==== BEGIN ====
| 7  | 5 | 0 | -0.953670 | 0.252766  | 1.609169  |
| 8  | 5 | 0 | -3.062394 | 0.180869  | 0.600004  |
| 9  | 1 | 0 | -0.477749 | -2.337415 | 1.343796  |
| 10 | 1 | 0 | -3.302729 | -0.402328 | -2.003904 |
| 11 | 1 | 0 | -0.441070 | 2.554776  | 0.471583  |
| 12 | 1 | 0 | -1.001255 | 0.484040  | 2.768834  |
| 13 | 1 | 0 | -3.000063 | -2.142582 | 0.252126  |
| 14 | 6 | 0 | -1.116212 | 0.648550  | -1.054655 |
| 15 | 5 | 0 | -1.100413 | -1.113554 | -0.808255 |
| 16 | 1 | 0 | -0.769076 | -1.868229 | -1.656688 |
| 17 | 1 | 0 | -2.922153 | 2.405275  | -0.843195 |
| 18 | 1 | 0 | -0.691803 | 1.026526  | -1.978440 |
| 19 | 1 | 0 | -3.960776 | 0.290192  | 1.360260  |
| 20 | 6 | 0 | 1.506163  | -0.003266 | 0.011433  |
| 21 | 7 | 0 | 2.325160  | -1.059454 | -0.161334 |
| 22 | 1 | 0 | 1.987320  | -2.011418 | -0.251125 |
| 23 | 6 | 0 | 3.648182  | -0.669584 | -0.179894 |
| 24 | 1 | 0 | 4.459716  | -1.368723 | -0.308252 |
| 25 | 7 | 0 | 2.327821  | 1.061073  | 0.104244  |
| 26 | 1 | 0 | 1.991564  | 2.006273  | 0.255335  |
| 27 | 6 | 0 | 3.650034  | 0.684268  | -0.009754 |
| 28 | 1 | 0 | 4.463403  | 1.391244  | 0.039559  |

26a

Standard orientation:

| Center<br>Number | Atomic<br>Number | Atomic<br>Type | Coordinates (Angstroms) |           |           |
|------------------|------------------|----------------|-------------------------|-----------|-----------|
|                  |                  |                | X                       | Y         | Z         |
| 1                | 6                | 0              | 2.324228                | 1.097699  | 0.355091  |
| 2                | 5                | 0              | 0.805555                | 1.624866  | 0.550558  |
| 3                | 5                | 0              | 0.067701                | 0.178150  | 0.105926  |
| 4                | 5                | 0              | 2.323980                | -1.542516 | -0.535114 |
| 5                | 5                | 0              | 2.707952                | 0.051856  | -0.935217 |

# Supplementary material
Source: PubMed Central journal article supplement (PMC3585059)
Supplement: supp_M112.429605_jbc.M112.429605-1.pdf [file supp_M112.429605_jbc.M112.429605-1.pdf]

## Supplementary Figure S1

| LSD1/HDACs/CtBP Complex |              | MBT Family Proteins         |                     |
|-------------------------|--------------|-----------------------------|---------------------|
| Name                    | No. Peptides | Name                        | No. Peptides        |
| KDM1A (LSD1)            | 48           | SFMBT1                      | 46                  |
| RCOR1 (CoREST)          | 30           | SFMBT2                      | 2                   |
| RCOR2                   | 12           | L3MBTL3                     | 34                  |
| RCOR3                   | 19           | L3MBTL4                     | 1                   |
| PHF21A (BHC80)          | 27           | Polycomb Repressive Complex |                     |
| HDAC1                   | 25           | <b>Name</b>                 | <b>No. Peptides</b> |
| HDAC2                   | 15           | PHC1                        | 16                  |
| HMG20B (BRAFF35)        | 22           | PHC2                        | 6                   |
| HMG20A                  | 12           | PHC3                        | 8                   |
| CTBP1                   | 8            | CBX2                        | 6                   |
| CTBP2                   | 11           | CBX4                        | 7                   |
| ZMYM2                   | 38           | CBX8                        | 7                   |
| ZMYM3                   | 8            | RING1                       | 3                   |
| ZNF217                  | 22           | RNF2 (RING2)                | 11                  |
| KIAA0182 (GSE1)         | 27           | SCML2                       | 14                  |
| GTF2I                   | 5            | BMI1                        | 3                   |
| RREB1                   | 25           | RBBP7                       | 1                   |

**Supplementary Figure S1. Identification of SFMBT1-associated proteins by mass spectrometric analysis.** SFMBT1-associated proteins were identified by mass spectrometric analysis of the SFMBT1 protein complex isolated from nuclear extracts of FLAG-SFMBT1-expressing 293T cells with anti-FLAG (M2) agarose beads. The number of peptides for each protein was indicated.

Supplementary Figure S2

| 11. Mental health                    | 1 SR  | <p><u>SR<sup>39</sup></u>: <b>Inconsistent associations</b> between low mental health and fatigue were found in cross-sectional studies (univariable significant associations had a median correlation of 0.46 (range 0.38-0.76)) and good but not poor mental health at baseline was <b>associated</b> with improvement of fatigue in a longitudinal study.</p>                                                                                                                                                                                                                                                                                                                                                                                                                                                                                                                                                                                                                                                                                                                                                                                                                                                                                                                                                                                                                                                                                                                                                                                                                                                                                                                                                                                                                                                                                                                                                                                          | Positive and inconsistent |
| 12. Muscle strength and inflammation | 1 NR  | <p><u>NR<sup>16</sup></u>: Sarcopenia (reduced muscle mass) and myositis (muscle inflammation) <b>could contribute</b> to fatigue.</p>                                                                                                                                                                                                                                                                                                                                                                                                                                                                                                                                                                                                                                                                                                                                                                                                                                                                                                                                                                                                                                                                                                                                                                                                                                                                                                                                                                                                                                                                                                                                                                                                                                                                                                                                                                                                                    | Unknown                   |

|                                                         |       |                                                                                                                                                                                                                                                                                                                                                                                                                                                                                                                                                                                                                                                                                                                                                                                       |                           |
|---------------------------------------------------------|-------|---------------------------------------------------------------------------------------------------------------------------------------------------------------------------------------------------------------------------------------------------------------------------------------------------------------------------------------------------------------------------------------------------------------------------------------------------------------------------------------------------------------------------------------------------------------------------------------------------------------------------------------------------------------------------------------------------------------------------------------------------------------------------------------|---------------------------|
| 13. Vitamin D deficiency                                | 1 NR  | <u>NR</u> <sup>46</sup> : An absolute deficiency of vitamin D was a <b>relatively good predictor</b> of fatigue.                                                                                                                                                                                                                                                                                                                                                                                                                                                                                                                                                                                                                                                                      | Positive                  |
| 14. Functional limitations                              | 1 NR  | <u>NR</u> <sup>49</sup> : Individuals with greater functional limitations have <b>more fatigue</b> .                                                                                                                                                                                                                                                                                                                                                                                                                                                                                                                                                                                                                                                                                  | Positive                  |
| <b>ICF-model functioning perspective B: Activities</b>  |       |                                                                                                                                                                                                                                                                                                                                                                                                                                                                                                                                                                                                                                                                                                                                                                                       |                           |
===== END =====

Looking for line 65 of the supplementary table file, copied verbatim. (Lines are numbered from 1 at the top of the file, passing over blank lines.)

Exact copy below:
| <b>ICF-model functioning perspective B: Activities</b>  |       |                                                                                                                                                                                                                                                                                                                                                                                                                                                                                                                                                                                                                                                                                                                                                                                       |                           |